At two interim committee meetings this week in the Texas legislature, lawmakers rehearsed for debates to come in the 2011 session over bilingual education and school finance. Today’s Hotline will focus on the debate over bilingual education; an upcoming Hotline will consider the preview we obtained this week of lawmakers’ school-finance concerns.
The Senate Education Committee on Tuesday heard evidence of dissatisfaction from across the political spectrum with the state’s efforts in bilingual education. For instance, from one direction, Sen. Dan Patrick, Republican of Houston, complained that Texas public schools are burdened needlessly with the cost of teaching English as a second language to students born in the United States. Their parents, he asserted, ought to be taking responsibility themselves for immersing them in English before they ever get to school.
From a quite different vantage point, an attorney for the Mexican American Legal Defense and Educational Fund said the state is failing to provide properly for the services English Language Learners should be receiving as prescribed in federal and state law. MALDEF attorney David Hinojosa noted that the state is funding bilingual and English as a Second Language instruction at a level far below the amount called for by the state’s own research. He criticized state monitoring of bilingual/ESL programs, contending that oversight of local programs amounts to little more than “desk audits” often conducted by individuals lacking bilingual/ESL expertise. The consequences of neglect, he said, can be seen in extremely high dropout rates of ELL students. A solution to these problems starts with improved monitoring and accountability, funding that comes closer to the levels actually needed, and a pilot project to explore effective ELL programs at the secondary level, where research on best practices has been minimal, Hinojosa said.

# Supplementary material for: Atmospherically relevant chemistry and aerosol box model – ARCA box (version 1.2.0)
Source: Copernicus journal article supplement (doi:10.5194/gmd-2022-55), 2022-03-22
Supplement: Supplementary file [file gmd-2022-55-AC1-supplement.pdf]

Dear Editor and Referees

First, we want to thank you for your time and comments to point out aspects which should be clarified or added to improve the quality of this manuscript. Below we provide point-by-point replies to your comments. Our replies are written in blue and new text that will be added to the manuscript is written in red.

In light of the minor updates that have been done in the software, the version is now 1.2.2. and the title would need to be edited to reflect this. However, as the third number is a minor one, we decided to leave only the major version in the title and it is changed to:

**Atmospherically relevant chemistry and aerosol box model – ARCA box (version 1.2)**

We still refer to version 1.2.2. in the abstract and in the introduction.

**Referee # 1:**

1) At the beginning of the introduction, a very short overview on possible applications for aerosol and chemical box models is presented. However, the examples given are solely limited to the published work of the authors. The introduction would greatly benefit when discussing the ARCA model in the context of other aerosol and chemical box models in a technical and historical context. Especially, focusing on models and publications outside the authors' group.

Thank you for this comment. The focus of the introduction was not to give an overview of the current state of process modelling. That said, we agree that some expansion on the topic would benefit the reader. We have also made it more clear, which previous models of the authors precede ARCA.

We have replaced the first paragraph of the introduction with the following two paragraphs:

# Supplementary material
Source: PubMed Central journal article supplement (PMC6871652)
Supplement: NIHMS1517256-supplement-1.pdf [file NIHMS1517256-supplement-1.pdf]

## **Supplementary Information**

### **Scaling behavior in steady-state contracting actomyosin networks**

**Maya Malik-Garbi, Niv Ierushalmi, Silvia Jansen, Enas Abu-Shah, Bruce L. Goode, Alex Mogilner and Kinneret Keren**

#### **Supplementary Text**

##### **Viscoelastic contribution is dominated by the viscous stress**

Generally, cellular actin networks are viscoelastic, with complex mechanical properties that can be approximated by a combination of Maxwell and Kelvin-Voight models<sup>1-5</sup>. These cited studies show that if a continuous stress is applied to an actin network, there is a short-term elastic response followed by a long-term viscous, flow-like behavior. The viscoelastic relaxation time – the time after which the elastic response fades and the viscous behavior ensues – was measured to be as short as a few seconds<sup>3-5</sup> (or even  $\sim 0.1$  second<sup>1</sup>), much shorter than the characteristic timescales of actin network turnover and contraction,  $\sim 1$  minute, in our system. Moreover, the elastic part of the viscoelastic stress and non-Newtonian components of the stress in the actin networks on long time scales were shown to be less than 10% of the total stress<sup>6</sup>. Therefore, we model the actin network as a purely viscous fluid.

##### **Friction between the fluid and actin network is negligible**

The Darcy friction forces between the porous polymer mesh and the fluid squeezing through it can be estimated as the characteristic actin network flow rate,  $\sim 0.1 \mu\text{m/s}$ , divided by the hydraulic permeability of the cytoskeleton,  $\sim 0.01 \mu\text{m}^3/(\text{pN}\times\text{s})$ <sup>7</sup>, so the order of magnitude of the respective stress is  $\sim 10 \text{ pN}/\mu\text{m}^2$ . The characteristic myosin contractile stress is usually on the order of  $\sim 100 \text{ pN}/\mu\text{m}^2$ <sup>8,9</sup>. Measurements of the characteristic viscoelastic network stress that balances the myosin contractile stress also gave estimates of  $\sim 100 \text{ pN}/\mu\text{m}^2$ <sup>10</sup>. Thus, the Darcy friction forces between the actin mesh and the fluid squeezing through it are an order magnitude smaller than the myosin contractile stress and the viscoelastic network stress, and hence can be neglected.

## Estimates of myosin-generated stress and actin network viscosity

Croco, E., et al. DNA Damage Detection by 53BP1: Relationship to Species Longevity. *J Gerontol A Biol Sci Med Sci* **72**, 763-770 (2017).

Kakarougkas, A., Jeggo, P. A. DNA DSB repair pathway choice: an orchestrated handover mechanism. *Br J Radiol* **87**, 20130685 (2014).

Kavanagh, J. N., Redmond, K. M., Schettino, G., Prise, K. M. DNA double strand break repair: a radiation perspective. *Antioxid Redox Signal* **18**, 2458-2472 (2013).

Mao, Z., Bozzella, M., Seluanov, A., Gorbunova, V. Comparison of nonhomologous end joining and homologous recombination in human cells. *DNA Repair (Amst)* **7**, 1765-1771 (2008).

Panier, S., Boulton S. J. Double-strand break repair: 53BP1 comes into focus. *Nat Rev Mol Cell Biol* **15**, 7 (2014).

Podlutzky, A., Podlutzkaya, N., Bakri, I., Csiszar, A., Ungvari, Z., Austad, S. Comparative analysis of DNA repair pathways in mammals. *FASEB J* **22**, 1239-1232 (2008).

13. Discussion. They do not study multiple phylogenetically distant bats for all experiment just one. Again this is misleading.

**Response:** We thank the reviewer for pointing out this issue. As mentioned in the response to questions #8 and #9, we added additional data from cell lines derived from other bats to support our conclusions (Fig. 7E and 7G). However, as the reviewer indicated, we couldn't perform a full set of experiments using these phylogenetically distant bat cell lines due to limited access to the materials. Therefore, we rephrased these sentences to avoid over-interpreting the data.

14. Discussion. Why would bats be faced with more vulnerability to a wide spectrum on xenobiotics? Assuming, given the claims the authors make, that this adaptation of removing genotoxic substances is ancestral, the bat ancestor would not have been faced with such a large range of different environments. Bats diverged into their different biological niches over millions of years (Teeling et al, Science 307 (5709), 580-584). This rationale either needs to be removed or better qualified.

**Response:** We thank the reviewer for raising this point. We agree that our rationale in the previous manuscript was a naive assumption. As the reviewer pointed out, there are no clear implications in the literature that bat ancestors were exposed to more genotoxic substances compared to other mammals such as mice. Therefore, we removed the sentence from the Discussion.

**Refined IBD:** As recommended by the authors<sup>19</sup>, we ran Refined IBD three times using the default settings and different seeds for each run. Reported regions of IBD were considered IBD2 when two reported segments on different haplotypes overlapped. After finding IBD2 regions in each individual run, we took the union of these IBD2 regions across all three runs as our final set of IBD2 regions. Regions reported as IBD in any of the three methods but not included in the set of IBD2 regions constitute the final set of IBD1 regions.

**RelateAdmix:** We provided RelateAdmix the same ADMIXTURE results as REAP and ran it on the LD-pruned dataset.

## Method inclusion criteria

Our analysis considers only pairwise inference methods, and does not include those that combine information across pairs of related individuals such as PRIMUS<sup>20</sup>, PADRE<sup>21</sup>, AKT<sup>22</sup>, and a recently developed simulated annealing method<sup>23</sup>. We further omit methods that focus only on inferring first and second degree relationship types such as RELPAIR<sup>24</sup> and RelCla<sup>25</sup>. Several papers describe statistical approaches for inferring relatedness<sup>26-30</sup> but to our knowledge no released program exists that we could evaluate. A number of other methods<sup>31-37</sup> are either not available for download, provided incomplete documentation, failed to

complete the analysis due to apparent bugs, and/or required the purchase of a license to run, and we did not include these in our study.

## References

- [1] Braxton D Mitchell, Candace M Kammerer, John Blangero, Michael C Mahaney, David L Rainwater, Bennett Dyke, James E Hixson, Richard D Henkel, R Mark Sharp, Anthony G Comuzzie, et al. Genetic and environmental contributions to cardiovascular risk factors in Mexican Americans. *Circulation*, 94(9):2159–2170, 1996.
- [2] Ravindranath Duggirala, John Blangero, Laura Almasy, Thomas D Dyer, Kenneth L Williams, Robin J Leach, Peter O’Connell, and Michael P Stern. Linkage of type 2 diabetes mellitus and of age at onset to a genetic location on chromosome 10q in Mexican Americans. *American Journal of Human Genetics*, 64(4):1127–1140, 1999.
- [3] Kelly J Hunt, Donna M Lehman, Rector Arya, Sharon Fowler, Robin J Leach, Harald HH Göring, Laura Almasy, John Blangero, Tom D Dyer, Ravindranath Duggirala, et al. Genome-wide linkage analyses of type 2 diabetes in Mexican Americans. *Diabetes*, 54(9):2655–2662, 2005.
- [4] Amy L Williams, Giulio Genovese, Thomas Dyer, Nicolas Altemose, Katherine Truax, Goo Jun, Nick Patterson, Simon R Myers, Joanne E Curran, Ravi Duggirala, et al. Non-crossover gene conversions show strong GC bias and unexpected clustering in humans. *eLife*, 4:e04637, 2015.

Texas AFT legislative counsel Patty Quinzi drew committee members’ attention to some effective strategies identified at a recent forum on bilingual education for dealing with the rapidly growing ELL population in our schools. (That population, she noted, has grown 58.2 percent over the past ten years in Texas public schools, and some 87 percent of the children in this group have been categorized as economically disadvantaged.) Quinzi cited efforts to provide wraparound services via city and county agencies, community organizations, and nonprofit groups to address unmet needs of disadvantaged ELL children and their families. After-school academic programs, health, dental, and social services, job banks, housing counseling and information, and GED and training programs for parents all help eliminate the barriers to success for students and entire communities.
Quinzi reminded committee members who had attended the recent bilingual forum of what they heard there when bilingual/ESL specialists from across the state were asked: What would be the single best intervention for their students? The answer, overwhelmingly, was that providing access for all of these students to high-quality pre-kindergarten programs would make the most difference. For further guidance on what works and what doesn’t work in bilingual education, Quinzi urged the committee to review a comprehensive analysis of research findings provided by a set of articles in the Summer 2008 issue of American Educator, AFT’s professional journal (see http://www.aft.org/pdfs/americaneducator/summer2008/ae_summer08.pdf.)